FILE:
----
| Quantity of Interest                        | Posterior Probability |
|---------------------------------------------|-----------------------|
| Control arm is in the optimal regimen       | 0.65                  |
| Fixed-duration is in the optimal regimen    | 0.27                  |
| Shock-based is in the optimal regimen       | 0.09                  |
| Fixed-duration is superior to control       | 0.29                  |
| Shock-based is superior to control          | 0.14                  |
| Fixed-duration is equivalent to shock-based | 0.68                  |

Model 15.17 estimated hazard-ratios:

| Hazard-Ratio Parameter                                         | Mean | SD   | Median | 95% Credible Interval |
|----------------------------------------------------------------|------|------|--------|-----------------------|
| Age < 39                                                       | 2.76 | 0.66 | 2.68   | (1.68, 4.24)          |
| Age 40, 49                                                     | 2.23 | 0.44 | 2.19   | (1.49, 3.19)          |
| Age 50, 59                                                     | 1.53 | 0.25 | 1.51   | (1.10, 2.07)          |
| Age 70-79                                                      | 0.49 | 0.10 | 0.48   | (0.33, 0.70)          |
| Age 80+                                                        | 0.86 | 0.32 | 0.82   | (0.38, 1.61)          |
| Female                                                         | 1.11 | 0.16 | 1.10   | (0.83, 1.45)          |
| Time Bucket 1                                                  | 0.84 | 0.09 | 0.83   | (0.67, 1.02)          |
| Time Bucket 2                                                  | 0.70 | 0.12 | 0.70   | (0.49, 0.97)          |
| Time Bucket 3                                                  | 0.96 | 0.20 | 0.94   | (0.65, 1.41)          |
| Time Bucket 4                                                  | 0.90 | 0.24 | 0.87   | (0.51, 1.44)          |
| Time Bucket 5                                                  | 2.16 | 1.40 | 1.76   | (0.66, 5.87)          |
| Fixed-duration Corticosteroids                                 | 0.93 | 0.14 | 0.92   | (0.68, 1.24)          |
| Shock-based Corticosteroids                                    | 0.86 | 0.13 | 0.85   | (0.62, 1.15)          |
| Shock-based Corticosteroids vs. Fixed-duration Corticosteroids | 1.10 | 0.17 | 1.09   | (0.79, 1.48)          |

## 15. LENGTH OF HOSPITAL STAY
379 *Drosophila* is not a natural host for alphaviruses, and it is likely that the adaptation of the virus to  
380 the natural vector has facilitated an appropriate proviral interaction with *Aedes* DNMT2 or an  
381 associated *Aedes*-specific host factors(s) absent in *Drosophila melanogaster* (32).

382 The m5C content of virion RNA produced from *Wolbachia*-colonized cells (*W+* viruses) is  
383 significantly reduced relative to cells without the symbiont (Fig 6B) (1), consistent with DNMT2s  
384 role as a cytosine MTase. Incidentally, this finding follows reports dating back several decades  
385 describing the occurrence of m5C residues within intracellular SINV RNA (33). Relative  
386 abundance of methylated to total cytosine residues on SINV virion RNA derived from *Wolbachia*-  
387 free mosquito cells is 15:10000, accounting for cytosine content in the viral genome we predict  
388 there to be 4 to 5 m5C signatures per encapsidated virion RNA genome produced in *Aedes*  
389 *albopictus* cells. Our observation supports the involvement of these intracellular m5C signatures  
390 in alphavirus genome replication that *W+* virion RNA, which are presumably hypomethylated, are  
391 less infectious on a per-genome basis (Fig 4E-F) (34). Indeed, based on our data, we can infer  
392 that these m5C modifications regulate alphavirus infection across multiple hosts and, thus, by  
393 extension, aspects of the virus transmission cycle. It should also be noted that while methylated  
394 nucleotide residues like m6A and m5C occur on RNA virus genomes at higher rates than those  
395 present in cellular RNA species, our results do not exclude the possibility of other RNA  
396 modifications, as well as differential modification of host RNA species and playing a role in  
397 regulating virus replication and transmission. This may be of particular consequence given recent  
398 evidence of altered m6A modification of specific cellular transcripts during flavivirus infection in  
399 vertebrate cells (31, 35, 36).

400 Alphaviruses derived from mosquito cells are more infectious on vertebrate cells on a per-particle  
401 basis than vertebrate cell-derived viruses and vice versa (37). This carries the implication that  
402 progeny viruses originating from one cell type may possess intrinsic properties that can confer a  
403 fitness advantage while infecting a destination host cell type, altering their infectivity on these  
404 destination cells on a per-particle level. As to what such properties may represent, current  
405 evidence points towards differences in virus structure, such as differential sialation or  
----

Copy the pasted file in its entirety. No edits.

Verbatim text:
| Quantity of Interest                        | Posterior Probability |
|---------------------------------------------|-----------------------|
| Control arm is in the optimal regimen       | 0.65                  |
| Fixed-duration is in the optimal regimen    | 0.27                  |
| Shock-based is in the optimal regimen       | 0.09                  |
| Fixed-duration is superior to control       | 0.29                  |
| Shock-based is superior to control          | 0.14                  |
| Fixed-duration is equivalent to shock-based | 0.68                  |

Model 15.17 estimated hazard-ratios:

| Hazard-Ratio Parameter                                         | Mean | SD   | Median | 95% Credible Interval |
|----------------------------------------------------------------|------|------|--------|-----------------------|
| Age < 39                                                       | 2.76 | 0.66 | 2.68   | (1.68, 4.24)          |
| Age 40, 49                                                     | 2.23 | 0.44 | 2.19   | (1.49, 3.19)          |
| Age 50, 59                                                     | 1.53 | 0.25 | 1.51   | (1.10, 2.07)          |
| Age 70-79                                                      | 0.49 | 0.10 | 0.48   | (0.33, 0.70)          |
| Age 80+                                                        | 0.86 | 0.32 | 0.82   | (0.38, 1.61)          |
| Female                                                         | 1.11 | 0.16 | 1.10   | (0.83, 1.45)          |
| Time Bucket 1                                                  | 0.84 | 0.09 | 0.83   | (0.67, 1.02)          |
| Time Bucket 2                                                  | 0.70 | 0.12 | 0.70   | (0.49, 0.97)          |
| Time Bucket 3                                                  | 0.96 | 0.20 | 0.94   | (0.65, 1.41)          |
| Time Bucket 4                                                  | 0.90 | 0.24 | 0.87   | (0.51, 1.44)          |
| Time Bucket 5                                                  | 2.16 | 1.40 | 1.76   | (0.66, 5.87)          |
| Fixed-duration Corticosteroids                                 | 0.93 | 0.14 | 0.92   | (0.68, 1.24)          |
| Shock-based Corticosteroids                                    | 0.86 | 0.13 | 0.85   | (0.62, 1.15)          |
| Shock-based Corticosteroids vs. Fixed-duration Corticosteroids | 1.10 | 0.17 | 1.09   | (0.79, 1.48)          |

## 15. LENGTH OF HOSPITAL STAY
379 *Drosophila* is not a natural host for alphaviruses, and it is likely that the adaptation of the virus to  
380 the natural vector has facilitated an appropriate proviral interaction with *Aedes* DNMT2 or an  
381 associated *Aedes*-specific host factors(s) absent in *Drosophila melanogaster* (32).

382 The m5C content of virion RNA produced from *Wolbachia*-colonized cells (*W+* viruses) is  
383 significantly reduced relative to cells without the symbiont (Fig 6B) (1), consistent with DNMT2s  
384 role as a cytosine MTase. Incidentally, this finding follows reports dating back several decades  
385 describing the occurrence of m5C residues within intracellular SINV RNA (33). Relative  
386 abundance of methylated to total cytosine residues on SINV virion RNA derived from *Wolbachia*-  
387 free mosquito cells is 15:10000, accounting for cytosine content in the viral genome we predict  
388 there to be 4 to 5 m5C signatures per encapsidated virion RNA genome produced in *Aedes*  
389 *albopictus* cells. Our observation supports the involvement of these intracellular m5C signatures  
390 in alphavirus genome replication that *W+* virion RNA, which are presumably hypomethylated, are  
391 less infectious on a per-genome basis (Fig 4E-F) (34). Indeed, based on our data, we can infer  
392 that these m5C modifications regulate alphavirus infection across multiple hosts and, thus, by  
393 extension, aspects of the virus transmission cycle. It should also be noted that while methylated  
394 nucleotide residues like m6A and m5C occur on RNA virus genomes at higher rates than those  
395 present in cellular RNA species, our results do not exclude the possibility of other RNA  
396 modifications, as well as differential modification of host RNA species and playing a role in  
397 regulating virus replication and transmission. This may be of particular consequence given recent  
398 evidence of altered m6A modification of specific cellular transcripts during flavivirus infection in  
399 vertebrate cells (31, 35, 36).

400 Alphaviruses derived from mosquito cells are more infectious on vertebrate cells on a per-particle  
401 basis than vertebrate cell-derived viruses and vice versa (37). This carries the implication that  
402 progeny viruses originating from one cell type may possess intrinsic properties that can confer a  
403 fitness advantage while infecting a destination host cell type, altering their infectivity on these  
404 destination cells on a per-particle level. As to what such properties may represent, current  
405 evidence points towards differences in virus structure, such as differential sialation or  